la grande odalisque criticism
Portrait of Monsieur Bertin (1832) by J.A.D. Ingres.
Explanation of Other French Paintings
Ingres portrays a concubine in languid pose as seen from behind with distorted proportions. The small head, elongated limbs, and cool color scheme all reveal influences from Mannerists such as Parmigianino,  whose Madonna with the Long Neck was also famous for anatomical distortion.
This eclectic mix of styles, combining classical form with Romantic themes, prompted harsh criticism when it was first shown in 1814. Critics viewed Ingres as a rebel against the contemporary style of form and content. When the painting was first shown in the Salon of 1819, one critic remarked that the work had “neither bones nor muscle, neither blood, nor life, nor relief, indeed nothing that constitutes imitation”.  This echoed the general view that Ingres had disregarded anatomical realism.  Ingres instead favored long lines to convey curvature and sensuality, as well as abundant, even light to tone down the volume.  Ingres continued to be criticized for his work until the mid-1820s.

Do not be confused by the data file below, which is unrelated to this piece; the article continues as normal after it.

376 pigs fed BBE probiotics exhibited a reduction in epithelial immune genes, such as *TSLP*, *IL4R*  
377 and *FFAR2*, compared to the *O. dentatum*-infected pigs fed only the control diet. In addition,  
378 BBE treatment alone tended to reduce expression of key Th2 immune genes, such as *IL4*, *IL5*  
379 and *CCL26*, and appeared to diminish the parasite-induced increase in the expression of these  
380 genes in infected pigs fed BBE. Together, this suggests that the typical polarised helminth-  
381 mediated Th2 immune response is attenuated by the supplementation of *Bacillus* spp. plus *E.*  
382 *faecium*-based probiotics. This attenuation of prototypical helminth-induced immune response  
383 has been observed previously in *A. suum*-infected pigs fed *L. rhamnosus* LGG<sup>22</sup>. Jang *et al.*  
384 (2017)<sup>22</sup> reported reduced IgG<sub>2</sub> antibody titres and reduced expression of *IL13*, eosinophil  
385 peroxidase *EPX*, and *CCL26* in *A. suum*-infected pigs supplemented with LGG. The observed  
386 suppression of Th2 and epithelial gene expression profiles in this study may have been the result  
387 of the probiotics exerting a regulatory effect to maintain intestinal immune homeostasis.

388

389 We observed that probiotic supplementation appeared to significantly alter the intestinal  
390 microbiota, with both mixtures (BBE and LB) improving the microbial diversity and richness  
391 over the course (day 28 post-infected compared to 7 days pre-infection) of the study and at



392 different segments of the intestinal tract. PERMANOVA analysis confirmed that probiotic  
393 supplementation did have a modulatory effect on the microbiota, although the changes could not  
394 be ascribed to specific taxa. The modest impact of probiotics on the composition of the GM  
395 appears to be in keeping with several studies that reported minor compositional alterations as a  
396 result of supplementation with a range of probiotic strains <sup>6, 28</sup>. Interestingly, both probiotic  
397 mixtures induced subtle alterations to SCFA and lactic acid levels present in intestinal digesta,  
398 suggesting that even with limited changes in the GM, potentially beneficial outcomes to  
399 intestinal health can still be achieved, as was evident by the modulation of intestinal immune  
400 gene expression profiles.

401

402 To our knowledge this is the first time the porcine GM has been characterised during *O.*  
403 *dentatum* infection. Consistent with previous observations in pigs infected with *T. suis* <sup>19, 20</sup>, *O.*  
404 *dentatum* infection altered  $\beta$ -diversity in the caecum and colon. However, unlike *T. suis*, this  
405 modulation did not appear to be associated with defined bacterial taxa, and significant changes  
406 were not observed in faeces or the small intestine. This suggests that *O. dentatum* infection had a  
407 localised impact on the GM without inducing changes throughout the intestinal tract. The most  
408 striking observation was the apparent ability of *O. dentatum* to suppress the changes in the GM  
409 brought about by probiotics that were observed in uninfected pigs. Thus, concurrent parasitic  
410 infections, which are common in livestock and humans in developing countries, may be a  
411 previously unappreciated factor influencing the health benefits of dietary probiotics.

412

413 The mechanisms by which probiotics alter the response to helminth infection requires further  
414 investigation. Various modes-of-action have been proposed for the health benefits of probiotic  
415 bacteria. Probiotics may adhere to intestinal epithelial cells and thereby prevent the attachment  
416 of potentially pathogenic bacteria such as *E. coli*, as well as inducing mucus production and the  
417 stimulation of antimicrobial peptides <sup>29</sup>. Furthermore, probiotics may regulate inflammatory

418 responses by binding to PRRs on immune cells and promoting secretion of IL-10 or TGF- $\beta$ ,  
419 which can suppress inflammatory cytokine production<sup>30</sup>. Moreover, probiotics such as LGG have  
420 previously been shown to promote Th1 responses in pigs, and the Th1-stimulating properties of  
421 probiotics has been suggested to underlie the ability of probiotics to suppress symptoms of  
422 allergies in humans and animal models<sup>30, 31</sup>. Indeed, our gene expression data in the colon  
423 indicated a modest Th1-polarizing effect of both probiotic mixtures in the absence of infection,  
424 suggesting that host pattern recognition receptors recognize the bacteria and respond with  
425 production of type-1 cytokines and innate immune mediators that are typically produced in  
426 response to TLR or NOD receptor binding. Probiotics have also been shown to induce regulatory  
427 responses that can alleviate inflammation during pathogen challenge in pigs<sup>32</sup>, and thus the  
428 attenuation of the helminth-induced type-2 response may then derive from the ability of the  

Copy of Titian’s Venus of Urbino, 1822 (Walters Art Gallery, Baltimore)
Silke Förschler traces changes in the interpretation of Grande Odalisque during the nineteenth century:
La Grande Odalisque,
 Lewis, Gendered Orientalism, 1-2.
 Demo, “The Guerrilla Girls”, 149.